• Wear a helmet when riding a quad bike, motorbike or horse and any other Personal Protective Clothing, Aids or Equipment required for that particular job
  • Observe proper Manual Handling Procedures and other Codes of Practice
  • Working areas of farms and farm machinery are no place for children
  • Know your limitations
If your farm has foreign employees or employees for whom English is an additional or second language, be sure that they understand your safe practices. Consider having signage and/or written correspondence in their language.
EXAMPLE

Darren is a farm manager on a farm in south west Victoria and one of his many responsibilities is to ensure the safety of everyone on the farm. Because safety is really important to him and everyone else on the farm, Darren thought it would be a good idea to put a sign up over his desk to remind him how to make the farm safer by identifying and removing any hazards. The sign helped Darren to think about safety even when he was busy with other tasks. This is the sign that Darren used.

'SAFER' PRINCIPLES

See

-

identify the hazards to health and safety on the farm

Assess

-

decide the risk associated with the hazard

Fix

-

take appropriate action to control the risk

Evaluate

-

check your controls are effective

Record

-

record actions you take or plan

Health and safety management plans

To minimise work incidents or accidents, you first have to identify potential hazards or risks. To assist you in identifying these potential hazards, a number of checklists have been developed.

You can use the farm safety initial assessment report as a good way to start identifying specific hazards on your farm. This is made up of 75 questions and covers the most common causes of accident and injury on farms in general.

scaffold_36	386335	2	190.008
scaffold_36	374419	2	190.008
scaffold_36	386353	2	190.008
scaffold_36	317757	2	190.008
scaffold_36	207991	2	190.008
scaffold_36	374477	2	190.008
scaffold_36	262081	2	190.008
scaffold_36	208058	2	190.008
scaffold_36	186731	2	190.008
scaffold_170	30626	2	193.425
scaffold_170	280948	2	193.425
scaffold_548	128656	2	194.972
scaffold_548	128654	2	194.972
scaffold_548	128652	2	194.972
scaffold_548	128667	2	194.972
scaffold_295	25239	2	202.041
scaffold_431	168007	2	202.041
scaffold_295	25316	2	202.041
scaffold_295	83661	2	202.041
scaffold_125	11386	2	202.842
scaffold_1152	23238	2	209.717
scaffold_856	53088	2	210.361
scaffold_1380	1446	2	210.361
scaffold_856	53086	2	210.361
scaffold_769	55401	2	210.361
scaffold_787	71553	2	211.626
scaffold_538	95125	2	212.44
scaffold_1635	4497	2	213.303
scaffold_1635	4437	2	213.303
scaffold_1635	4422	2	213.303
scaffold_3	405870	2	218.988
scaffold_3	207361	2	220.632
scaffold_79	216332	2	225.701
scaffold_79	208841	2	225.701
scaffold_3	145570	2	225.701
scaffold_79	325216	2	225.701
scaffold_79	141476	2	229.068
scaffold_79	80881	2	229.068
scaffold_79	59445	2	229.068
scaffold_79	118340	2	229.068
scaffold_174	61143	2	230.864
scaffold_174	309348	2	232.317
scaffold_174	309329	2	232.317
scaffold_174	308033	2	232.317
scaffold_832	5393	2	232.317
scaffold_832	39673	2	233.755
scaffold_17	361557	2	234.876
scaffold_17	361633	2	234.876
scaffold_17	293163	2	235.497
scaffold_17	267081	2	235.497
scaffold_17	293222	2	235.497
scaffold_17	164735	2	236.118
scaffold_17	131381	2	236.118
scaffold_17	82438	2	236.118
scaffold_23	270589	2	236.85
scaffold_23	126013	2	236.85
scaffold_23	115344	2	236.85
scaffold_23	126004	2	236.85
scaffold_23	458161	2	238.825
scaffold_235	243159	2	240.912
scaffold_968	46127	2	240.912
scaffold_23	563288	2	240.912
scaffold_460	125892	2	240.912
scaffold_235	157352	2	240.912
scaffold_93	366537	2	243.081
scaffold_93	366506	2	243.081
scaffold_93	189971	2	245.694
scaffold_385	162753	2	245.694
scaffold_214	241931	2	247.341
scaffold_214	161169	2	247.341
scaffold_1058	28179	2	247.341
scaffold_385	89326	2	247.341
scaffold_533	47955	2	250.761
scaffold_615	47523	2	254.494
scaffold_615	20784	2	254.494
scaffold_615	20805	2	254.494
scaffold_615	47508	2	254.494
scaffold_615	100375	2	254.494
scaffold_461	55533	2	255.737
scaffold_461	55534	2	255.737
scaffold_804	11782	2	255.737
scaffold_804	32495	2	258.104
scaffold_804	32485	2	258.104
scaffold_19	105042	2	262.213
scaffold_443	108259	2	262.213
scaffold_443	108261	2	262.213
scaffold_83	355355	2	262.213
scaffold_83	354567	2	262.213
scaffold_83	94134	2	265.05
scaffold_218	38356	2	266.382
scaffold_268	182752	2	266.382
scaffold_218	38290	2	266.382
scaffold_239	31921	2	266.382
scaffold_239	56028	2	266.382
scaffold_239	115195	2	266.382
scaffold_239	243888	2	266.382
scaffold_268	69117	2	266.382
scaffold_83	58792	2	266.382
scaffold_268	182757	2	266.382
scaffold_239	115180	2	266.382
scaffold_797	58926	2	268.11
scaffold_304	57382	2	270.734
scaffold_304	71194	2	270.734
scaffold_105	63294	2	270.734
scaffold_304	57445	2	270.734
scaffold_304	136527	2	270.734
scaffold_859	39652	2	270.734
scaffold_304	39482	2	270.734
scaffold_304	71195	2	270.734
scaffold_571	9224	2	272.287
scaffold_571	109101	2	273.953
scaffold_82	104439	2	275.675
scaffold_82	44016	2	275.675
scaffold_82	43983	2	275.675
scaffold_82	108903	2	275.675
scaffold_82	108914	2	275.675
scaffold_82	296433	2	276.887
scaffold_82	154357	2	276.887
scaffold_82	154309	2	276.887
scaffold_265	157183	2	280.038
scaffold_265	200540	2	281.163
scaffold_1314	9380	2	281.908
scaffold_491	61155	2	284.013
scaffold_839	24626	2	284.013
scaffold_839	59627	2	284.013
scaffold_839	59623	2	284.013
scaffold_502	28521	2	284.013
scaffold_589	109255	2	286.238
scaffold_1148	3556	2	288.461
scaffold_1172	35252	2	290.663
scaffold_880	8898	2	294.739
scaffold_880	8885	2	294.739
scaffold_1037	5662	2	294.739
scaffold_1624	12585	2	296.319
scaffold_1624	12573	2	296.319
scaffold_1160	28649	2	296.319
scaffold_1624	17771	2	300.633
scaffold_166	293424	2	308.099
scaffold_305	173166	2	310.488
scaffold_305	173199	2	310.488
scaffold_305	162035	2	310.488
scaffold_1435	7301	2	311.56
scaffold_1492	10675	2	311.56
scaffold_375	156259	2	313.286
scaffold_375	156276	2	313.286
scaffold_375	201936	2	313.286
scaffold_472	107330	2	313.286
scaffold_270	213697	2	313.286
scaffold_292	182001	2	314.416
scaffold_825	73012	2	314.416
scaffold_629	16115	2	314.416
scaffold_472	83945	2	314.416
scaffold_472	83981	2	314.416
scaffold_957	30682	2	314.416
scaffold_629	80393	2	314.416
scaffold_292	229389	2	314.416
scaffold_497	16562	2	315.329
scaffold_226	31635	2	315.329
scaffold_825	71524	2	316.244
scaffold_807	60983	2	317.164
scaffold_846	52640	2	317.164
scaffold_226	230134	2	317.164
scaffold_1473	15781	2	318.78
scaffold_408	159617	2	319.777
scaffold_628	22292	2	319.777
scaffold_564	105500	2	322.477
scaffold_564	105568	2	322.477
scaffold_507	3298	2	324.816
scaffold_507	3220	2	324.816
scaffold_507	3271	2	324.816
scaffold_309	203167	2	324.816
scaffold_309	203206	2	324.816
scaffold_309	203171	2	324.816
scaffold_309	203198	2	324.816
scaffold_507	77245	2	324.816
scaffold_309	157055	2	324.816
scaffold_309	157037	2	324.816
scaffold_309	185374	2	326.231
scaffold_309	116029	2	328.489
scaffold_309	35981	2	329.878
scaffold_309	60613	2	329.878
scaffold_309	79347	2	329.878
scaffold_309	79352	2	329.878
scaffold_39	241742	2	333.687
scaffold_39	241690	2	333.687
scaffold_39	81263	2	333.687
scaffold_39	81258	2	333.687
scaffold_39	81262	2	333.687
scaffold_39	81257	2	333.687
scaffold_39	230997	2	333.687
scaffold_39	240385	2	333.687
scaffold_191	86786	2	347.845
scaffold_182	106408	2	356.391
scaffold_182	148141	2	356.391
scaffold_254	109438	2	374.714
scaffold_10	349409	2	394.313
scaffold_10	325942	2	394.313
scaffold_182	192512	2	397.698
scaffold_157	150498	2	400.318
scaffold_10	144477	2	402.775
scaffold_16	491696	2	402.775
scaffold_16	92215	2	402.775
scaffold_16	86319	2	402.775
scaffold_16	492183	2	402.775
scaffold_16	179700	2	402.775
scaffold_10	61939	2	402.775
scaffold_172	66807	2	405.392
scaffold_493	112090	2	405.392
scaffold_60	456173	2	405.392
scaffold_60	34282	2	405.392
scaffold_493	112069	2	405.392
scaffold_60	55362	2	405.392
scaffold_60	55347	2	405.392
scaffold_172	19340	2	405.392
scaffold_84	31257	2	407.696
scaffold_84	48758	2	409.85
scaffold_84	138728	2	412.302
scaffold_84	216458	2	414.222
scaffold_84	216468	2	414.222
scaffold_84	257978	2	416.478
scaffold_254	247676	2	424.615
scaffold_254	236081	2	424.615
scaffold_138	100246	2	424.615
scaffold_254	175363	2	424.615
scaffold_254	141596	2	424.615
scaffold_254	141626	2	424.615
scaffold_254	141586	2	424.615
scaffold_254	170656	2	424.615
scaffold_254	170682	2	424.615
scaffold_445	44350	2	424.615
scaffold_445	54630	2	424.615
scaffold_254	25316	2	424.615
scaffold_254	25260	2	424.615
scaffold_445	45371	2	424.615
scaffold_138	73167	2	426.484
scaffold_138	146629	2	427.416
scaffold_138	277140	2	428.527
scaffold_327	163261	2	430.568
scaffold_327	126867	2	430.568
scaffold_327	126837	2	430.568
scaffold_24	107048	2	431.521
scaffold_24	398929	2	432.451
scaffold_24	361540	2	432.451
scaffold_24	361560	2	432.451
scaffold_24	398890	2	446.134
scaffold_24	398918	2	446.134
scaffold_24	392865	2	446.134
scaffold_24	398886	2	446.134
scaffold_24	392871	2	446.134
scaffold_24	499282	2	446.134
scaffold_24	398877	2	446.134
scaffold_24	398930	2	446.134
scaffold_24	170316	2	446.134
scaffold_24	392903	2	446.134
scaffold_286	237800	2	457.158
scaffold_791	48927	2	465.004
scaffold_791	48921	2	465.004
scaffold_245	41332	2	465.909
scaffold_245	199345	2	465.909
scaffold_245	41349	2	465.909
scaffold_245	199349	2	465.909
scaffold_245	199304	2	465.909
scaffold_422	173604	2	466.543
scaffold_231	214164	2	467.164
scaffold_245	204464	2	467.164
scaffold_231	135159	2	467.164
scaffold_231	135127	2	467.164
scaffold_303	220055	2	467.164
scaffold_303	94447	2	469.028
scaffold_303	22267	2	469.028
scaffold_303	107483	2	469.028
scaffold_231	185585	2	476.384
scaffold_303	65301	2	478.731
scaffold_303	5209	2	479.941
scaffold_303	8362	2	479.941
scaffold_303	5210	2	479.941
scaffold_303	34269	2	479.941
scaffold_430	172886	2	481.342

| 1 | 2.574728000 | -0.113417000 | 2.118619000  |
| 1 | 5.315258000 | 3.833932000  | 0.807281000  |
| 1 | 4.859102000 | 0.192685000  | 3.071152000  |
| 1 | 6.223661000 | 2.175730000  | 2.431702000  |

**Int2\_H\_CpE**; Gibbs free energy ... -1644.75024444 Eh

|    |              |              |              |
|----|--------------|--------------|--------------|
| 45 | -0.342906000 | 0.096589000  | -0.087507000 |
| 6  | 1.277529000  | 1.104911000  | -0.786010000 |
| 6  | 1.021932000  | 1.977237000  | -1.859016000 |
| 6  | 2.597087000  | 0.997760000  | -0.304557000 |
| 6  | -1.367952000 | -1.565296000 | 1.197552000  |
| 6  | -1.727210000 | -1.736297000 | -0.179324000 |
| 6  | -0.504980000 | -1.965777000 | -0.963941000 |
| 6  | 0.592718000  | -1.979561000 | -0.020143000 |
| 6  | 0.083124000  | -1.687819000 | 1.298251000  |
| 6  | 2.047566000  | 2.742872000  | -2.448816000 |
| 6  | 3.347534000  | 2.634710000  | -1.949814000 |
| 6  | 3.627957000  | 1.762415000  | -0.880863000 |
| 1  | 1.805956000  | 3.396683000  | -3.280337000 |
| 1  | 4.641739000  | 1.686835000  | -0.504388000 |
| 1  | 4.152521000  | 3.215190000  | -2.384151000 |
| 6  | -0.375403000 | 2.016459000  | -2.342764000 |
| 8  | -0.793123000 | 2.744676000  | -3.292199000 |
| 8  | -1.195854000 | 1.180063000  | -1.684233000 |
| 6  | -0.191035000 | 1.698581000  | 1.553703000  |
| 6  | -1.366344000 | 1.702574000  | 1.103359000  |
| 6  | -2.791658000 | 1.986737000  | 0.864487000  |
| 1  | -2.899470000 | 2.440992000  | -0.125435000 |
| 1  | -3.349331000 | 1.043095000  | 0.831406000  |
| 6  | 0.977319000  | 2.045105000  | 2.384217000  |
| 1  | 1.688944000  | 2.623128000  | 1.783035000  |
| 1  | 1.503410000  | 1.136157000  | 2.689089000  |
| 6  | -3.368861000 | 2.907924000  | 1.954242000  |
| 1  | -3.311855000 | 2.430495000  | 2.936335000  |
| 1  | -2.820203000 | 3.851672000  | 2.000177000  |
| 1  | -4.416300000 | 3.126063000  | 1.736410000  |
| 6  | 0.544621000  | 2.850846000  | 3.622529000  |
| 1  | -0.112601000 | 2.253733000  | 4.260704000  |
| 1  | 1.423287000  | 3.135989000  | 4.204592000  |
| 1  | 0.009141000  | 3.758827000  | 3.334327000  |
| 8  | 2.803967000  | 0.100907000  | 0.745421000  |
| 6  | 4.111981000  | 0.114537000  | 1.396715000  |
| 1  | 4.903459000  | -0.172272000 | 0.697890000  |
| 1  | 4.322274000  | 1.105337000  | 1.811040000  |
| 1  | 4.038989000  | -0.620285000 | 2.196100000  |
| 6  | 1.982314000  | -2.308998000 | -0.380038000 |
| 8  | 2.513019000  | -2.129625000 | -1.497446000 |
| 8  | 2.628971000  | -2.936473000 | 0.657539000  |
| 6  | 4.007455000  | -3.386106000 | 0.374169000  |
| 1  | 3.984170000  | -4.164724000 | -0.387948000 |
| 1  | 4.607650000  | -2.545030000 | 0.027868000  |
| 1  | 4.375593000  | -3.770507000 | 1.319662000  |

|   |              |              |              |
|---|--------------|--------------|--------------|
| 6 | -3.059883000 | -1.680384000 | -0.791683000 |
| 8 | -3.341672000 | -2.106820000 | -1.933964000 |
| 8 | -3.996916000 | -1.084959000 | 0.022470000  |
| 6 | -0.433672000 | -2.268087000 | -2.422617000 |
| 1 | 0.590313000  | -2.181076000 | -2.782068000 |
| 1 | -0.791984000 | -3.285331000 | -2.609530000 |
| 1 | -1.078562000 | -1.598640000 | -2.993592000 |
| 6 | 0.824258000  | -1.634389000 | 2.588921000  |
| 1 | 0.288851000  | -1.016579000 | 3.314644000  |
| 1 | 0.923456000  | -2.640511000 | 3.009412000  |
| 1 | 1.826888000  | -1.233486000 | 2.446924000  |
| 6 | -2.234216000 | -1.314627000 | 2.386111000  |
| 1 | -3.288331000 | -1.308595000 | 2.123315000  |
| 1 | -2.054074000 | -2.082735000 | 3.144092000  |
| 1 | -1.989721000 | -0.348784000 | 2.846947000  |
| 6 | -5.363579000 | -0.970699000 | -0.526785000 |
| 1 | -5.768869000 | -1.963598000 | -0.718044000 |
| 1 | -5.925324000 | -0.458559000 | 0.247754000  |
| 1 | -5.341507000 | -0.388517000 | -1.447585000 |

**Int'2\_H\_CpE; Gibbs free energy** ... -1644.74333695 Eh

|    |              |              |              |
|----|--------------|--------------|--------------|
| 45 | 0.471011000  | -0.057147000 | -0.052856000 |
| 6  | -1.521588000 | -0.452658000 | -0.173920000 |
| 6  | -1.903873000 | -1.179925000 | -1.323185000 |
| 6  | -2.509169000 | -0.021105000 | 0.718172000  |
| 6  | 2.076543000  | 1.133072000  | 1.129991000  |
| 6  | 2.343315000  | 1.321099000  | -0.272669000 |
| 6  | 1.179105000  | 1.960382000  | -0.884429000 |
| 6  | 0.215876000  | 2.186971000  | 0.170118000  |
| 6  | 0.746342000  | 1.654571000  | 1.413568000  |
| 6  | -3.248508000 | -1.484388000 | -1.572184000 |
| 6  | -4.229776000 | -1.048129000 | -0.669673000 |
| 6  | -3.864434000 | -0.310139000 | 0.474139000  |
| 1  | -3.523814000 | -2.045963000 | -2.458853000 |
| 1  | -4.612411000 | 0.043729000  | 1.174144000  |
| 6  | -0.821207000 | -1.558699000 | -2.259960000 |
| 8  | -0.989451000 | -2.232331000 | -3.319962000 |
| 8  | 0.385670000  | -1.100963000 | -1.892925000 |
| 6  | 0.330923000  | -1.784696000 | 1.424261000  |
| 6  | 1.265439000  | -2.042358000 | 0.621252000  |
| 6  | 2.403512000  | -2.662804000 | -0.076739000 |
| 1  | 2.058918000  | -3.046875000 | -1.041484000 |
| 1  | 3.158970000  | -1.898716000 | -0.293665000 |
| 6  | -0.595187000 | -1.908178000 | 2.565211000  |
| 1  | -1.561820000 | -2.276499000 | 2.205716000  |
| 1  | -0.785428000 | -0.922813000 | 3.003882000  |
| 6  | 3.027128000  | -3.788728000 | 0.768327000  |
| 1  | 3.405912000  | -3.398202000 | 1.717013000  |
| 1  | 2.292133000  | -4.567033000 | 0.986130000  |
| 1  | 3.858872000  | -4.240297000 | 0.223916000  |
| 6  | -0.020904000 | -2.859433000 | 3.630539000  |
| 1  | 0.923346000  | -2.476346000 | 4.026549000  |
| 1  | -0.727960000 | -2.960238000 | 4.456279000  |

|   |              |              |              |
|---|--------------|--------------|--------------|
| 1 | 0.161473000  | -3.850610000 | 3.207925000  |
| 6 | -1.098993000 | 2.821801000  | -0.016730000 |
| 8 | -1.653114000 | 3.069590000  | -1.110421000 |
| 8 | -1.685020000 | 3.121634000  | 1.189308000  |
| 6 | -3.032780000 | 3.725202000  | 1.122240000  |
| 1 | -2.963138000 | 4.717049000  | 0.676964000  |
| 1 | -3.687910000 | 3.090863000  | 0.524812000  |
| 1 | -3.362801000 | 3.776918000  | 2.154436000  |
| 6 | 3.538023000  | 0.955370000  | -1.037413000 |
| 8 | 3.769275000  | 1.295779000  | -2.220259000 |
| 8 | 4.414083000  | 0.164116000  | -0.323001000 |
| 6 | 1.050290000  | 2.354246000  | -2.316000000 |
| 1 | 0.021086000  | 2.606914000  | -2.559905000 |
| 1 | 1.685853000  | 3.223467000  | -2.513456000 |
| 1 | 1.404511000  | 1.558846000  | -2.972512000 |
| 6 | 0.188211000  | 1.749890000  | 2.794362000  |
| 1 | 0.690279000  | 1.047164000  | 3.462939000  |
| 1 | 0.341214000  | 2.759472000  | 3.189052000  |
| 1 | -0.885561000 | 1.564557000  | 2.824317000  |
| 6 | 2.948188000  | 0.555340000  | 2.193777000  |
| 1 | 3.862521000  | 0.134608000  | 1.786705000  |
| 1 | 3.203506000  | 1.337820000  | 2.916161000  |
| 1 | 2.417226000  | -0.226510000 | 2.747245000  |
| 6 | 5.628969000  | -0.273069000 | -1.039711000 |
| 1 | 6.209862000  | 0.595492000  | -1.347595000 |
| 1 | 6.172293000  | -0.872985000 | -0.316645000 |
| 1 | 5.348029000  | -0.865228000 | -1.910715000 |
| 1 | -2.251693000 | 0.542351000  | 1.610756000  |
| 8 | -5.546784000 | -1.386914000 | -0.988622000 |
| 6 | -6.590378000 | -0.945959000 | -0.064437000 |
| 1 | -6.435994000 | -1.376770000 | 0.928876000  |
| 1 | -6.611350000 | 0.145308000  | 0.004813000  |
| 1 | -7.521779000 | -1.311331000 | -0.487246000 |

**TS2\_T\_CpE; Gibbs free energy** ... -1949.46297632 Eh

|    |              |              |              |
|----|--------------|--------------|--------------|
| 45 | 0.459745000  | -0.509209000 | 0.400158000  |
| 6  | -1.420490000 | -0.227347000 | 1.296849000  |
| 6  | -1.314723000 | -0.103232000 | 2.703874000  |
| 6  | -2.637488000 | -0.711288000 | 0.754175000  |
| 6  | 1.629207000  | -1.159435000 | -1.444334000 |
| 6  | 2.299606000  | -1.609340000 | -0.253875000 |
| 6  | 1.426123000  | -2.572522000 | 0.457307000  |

Once you have identified hazards and their risk levels on your farm, you can work on developing a health and safety management system. A health and safety management system is basically a set of plans, actions and procedures to prevent accident, illness, injury or fatality on the farm.  The system works by eliminating or controlling hazards instead of dealing with an accident after it has happened.

There are three main criteria to a successful health and safety management system:

1 – Correctly identifying all Work hazards, assessing the hazards and eliminating or controlling the risk associated with those hazards. 
2 – Actively involving all employees, contractors and family members in health, safety, and welfare matters.
3 – Providing current, accurate, relevant, and accessible information, instructions and training to farm employees, contractors, family members and visitors.

Known hazards should be regularly reviewed and monitored to see if the risk level can be reduced or eliminated. You must keep a copy of all safety reports and reviews conducted on your farm. For more information speak with your industry advisor or visit the appropriate WHS / WHS site for your state. (see below)

REFERENCES AND RESOURCES

Farm safety assessment report - Word Doc

State specific information regarding current WHS / WHS laws and codes and regulations can be found by visiting the following sites:

Victoria                         

www.workcover.vic.gov.au
Tasmanian  www.wst.tas.gov.au 
New South Wales www.workcover.nsw.gov.au
Western Australia www.docep.wa.gov.au/WorkSafe
Queensland www.justice.qld.gov.au/fair-and-safe-work
South Australia www.safework.sa.gov.au